I found the 75mm gave me the greatest flexibility while shooting the wedding and used it for most of the indoor formal portraits with the exception of the large wedding groups, the ceremony procession, most of the outdoor portraits of the bride and groom, and the majority of the reception.
Pentax 645D • 75mm lens • f8 @ 1/350, 200iso
Pentax 645D • 75mm lens • f4 @ 1/60, 400iso
The 45mm lens worked better during the preparation coverage I shot of the groom since we were working in tighter spaces. I also used it for the larger group portraits and sparingly at the reception for environmental shots.
Pentax 645D • 45mm lens • f8 @ 1/60, 560iso
The 150mm lens worked well during the ceremony. The church was only 12-15 rows deep so it had adequate reach to cover the details of the ceremony from the rear of the church. I’m definitely going to need to add a longer telephoto to my kit when money allows to cover larger churches. One benefit of a 40 megapixel chip is that I will have the ability to crop very tightly into an image to compensate for shorter lenses while still retaining excellent detail in the final photograph. Not ideal, but it will work until I can pick up a 200mm or larger lens. I did use the 150mm lens for some of the outdoor portraits. However, one thing I do miss from my Canon kit is the image stabilization. None of the Pentax 645 lenses include that technology and I did not have enough light to use a shutter speed I was comfortable with for most of the outdoor portraits. I discovered that my limit for tack sharp photos on that lens during the ceremony was 1/125 of a second. I was 50/50 for keepers at 1/60 of a second. With the Canon 70-200 f2.8 I used to shoot with, I could easily shoot at 1/30 of a second at 200mm with the image stabilizer assisting me. I’m going to be carrying a monopod with me to future events just to be on the safe side.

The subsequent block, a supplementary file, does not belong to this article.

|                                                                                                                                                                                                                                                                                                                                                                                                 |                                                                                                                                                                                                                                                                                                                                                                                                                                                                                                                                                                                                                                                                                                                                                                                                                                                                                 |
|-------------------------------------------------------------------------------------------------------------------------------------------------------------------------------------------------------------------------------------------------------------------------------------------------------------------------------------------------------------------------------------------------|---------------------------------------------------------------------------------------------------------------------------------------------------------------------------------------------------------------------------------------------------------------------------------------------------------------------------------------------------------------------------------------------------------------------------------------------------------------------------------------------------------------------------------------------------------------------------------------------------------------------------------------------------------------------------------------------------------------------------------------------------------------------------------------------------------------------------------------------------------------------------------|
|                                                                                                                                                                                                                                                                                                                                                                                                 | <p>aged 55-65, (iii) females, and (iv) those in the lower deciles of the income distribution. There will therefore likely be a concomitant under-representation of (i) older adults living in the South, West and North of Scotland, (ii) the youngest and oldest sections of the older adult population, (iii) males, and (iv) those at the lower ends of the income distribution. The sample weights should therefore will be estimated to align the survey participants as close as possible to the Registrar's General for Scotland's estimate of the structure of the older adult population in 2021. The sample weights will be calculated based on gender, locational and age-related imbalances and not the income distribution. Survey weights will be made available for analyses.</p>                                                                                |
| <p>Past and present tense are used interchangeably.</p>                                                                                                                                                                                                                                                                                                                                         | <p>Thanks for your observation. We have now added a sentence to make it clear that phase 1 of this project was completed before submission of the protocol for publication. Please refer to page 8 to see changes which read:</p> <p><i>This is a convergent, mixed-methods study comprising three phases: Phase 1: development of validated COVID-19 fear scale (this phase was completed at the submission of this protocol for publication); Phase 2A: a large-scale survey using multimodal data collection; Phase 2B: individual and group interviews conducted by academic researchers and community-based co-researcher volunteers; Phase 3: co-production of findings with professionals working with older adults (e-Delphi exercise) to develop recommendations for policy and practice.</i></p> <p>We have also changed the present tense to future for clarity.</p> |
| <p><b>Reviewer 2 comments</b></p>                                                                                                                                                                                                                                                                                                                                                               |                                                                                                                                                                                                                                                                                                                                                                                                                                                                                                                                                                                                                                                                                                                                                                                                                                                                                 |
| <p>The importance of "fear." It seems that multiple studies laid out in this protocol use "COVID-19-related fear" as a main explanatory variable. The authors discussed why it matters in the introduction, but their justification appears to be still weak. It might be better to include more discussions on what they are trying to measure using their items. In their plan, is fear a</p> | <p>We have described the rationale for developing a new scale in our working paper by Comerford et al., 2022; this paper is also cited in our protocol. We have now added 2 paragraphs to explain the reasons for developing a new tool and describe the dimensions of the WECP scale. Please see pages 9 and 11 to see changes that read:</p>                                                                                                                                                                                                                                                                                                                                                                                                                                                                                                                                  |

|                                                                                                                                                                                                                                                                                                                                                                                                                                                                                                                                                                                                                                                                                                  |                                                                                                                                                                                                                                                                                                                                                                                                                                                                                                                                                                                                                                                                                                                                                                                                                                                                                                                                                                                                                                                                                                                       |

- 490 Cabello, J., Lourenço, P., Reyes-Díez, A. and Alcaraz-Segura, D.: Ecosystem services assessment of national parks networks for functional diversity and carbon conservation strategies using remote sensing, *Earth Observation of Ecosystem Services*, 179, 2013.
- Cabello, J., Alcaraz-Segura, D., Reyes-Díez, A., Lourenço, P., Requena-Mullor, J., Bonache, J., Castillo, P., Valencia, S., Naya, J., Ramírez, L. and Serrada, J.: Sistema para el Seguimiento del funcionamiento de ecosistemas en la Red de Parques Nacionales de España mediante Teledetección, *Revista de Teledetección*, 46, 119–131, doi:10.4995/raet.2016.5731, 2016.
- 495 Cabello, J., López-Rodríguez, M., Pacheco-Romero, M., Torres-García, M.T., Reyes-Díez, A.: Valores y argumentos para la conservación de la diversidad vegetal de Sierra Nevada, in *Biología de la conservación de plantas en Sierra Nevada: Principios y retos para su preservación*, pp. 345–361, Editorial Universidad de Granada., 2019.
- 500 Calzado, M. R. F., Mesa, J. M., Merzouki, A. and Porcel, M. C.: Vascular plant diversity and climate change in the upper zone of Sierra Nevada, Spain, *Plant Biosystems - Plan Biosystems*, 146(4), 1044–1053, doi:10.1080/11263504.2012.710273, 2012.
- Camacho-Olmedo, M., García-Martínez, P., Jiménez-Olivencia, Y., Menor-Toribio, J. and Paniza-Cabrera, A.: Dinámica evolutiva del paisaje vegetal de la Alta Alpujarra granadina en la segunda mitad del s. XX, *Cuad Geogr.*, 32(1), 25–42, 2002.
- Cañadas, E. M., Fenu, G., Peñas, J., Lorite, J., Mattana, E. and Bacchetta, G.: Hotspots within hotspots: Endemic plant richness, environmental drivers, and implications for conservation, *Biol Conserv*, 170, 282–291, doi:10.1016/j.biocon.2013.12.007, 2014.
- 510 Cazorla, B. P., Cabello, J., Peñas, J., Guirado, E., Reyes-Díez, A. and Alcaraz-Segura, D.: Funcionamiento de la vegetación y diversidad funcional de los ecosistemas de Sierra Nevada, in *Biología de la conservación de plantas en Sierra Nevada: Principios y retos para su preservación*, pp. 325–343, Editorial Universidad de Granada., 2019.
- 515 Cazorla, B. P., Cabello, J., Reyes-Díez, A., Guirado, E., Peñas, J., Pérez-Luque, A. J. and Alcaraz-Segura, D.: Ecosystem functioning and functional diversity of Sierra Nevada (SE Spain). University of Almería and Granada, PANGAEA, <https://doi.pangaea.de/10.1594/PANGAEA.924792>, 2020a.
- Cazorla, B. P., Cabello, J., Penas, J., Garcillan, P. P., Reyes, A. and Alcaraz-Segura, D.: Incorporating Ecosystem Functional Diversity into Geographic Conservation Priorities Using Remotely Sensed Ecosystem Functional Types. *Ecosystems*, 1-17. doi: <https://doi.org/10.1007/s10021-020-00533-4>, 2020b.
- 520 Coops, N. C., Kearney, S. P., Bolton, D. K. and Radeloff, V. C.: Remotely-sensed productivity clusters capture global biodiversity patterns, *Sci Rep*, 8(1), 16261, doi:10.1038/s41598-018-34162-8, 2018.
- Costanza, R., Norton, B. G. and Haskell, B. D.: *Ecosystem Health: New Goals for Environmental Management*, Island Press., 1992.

Pentax 645D • 150mm lens • f2.8 @ 1/60, 1600iso
While the Pentax 645D was the primary camera at this wedding, it was only used as such because the newest camera to be added to our kit has not yet been made available in the United States. We’ve pre ordered a Fuji X-Pro 1 to be the main camera for all but the portraits during our wedding coverage. Using the Pentax for most of the weddings shots is a little overboard. It’s like using a sledge hammer to hang a picture. However, after shooting a complete wedding with the camera I can say it is more than capable in every respect. While it’s true it lacks the responsiveness and autofocus prowess of any Canon or Nikon DSLR, I found it more than adequate in these respects while still delivering stellar image quality at all ISO settings. All of the portraits were shot at 400-640 ISO and the preparations and ceremony shots were taken at 1600 ISO. I was very impressed with how well the images held together at the high ISO settings.
While the Pentax was on the slow side to focus during the dimly lit reception, I found that using the dedicated autofocus button on the rear of the camera to prefocus with my thumb while waiting to trigger the shutter with my index finger solved this problem. I had little trouble achieving quick focus after that, and found the autofocus system to be very accurate. While not as good as the Canon system found on the 1-Series bodies, it was better than both the original 5D and 5D Mark II we’ve shot with in the past.
Pentax 645D • 45mm lens • f8 @ 1/60, 400iso
My second shooter photographed with the Fuji X-100 during the entire wedding. Her main focus is to cover the Bride’s preparations, the rear ceremony shots, and ‘grab’ shots during the reception using on-camera bounce flash.
We have to admit that after photographing over 300 weddings with Canon DSLRs, the Fuji is the most fun we’ve ever had using a camera. It’s a perfect camera for the candid, photojournalistic shots we strive for as part of our wedding coverage. It’s virtualy silent and is small and unintimidating to our subjects. It excelled at capturing images using just the ambient light only. We found the high ISO noise performance to be equal to the benchmark 5D Mark II, but the Fuji images have something special to them that you can see, but not describe. It’s something about how the camera renders the transitions from shadows to highlights, and the beautiful, saturated colors it captures that sets the Fuji apart. Something that’s only apparent after a 7 hour wedding day is how much lighter this camera is than lugging around a full compliment of Canon gear.